Time to Step Up for Horses
Two days from now the House of Reprsentatives will begin to debate H.R. 503, called the American Horse Slaughter Prevention Act. The legislation is designed to put an end to a vile industry that long ago should have been put out of our misery. Last year, approximately 100,000 horses were brutally killed in this country-- filleted while they still were alive-- and then processed into meat at foul, polluting, dark, foreign-owned slaughterhouses. The meat then is shipped overseas for human consumption. Is that the sort of industry you want in this country? Is that the way you want to see horses treated? Think it doesn't say a lot about us as a people that we haven't already put a stop to this machinery of death?
As devoted readers of the Bench know, I am not a neutral observer on this one. I own two horses and I have recently become an outspoken advocate against horse slaughter. When I read the bogus, hysterical arguments against the pending legislation I think of the rationale that pervaded our experience in Vietnam. Then, we were told that we had to destroy villages in order to save them from the Viet Cong. Now, we are told, we have to brutally kill horses in order to save them from neglect. The argument was a fallacy in Vietnam and it is a fallacy now.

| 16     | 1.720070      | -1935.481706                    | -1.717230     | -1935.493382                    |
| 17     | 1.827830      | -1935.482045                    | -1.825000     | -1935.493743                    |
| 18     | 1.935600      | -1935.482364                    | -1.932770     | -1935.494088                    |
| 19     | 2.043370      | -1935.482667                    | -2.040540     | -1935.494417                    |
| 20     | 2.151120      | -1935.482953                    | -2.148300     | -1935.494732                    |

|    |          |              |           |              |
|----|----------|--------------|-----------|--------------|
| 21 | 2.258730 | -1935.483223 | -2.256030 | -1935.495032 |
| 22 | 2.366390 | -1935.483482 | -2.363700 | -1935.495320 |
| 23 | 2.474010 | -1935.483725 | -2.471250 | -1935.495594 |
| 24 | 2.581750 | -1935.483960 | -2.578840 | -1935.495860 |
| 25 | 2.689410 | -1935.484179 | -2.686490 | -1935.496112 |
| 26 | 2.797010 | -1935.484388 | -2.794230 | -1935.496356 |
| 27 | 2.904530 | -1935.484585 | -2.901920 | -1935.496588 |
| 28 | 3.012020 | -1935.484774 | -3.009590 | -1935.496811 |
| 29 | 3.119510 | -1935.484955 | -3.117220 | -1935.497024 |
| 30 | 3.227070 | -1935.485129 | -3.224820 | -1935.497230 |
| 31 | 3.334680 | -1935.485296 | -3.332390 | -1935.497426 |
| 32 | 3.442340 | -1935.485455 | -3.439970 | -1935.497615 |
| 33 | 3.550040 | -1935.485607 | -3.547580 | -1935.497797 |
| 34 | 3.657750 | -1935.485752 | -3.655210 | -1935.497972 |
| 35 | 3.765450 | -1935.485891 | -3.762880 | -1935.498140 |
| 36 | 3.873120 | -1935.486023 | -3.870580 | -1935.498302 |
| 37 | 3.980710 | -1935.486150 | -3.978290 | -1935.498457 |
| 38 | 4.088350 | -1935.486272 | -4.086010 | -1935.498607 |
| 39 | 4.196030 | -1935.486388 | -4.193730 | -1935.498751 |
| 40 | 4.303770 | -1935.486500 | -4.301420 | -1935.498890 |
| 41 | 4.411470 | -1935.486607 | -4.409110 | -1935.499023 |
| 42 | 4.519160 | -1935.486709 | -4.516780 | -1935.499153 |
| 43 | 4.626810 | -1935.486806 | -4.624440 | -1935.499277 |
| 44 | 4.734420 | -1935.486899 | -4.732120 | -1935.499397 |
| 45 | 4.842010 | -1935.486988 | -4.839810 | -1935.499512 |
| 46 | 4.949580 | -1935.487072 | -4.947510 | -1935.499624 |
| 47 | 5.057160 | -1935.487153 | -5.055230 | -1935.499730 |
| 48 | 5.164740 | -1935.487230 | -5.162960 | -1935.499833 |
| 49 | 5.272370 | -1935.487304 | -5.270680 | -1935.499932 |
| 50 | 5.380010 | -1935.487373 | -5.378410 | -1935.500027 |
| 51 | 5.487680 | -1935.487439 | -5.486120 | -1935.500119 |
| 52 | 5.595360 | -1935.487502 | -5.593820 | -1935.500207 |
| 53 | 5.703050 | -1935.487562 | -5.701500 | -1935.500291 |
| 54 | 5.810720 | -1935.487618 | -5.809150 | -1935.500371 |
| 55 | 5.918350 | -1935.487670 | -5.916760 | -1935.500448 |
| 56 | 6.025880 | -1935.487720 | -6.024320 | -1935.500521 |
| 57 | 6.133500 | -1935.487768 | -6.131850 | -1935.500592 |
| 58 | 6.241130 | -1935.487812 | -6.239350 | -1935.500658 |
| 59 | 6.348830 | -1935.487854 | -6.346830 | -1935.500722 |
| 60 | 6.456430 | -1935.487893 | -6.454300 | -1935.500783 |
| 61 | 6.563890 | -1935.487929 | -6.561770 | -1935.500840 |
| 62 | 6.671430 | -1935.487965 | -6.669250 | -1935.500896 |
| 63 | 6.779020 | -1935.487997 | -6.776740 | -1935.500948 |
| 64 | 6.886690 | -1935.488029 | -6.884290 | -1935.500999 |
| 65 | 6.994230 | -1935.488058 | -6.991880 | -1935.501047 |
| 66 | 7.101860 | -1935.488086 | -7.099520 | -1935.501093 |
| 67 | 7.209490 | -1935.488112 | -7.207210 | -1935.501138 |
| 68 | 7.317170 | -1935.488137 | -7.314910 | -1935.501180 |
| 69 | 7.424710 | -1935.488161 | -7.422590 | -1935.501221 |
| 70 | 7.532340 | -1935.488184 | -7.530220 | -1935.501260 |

You don't need to be a lawyer or a lobbyist or even a horse enthusiast to decide where you stand on this one. Either you stand with the slaughterers or you stand with the horses. Either you continue to give these foreign-owned companies a free pass to kill our horses under indecent conditions or you decide enough is enough. What we would never permit to happen to our dogs and our cats is happening every day to our horses. Is that okay with you? All of you who wrote so passionately about Barbaro, the great Thoroughbred, and who sent him flowers and cards and candy; is horse slaughter okay with you?
Nothing in H.R. 503 precludes any horse owner from euthanizing his or her own sick or injured horse and the money our government currently spends subsidizing those grim companies -- two are in Texas one is in Illinois -- could be spent ensuring that the horses who aren't slaughtered are humanely treated. If you want to help the horses, go to this link and follow the instructions. It's time.
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Posted by: ALICYN LEIGH - Pets Columnist for the Long Island Press | September 5, 2006 09:26 PM
Posted by: Don't get it | September 5, 2006 10:29 PM
Posted by: Just don't get it | September 5, 2006 10:31 PM
Posted by: kc | September 5, 2006 11:57 PM
Posted by: don't get it | September 6, 2006 08:22 AM
Posted by: Horsegal | September 6, 2006 08:24 AM
Posted by: Dave, Freeport, IL | September 6, 2006 09:04 AM
Posted by: Carrie Gobernatz | September 6, 2006 11:19 AM
Posted by: Robin | September 6, 2006 09:13 PM
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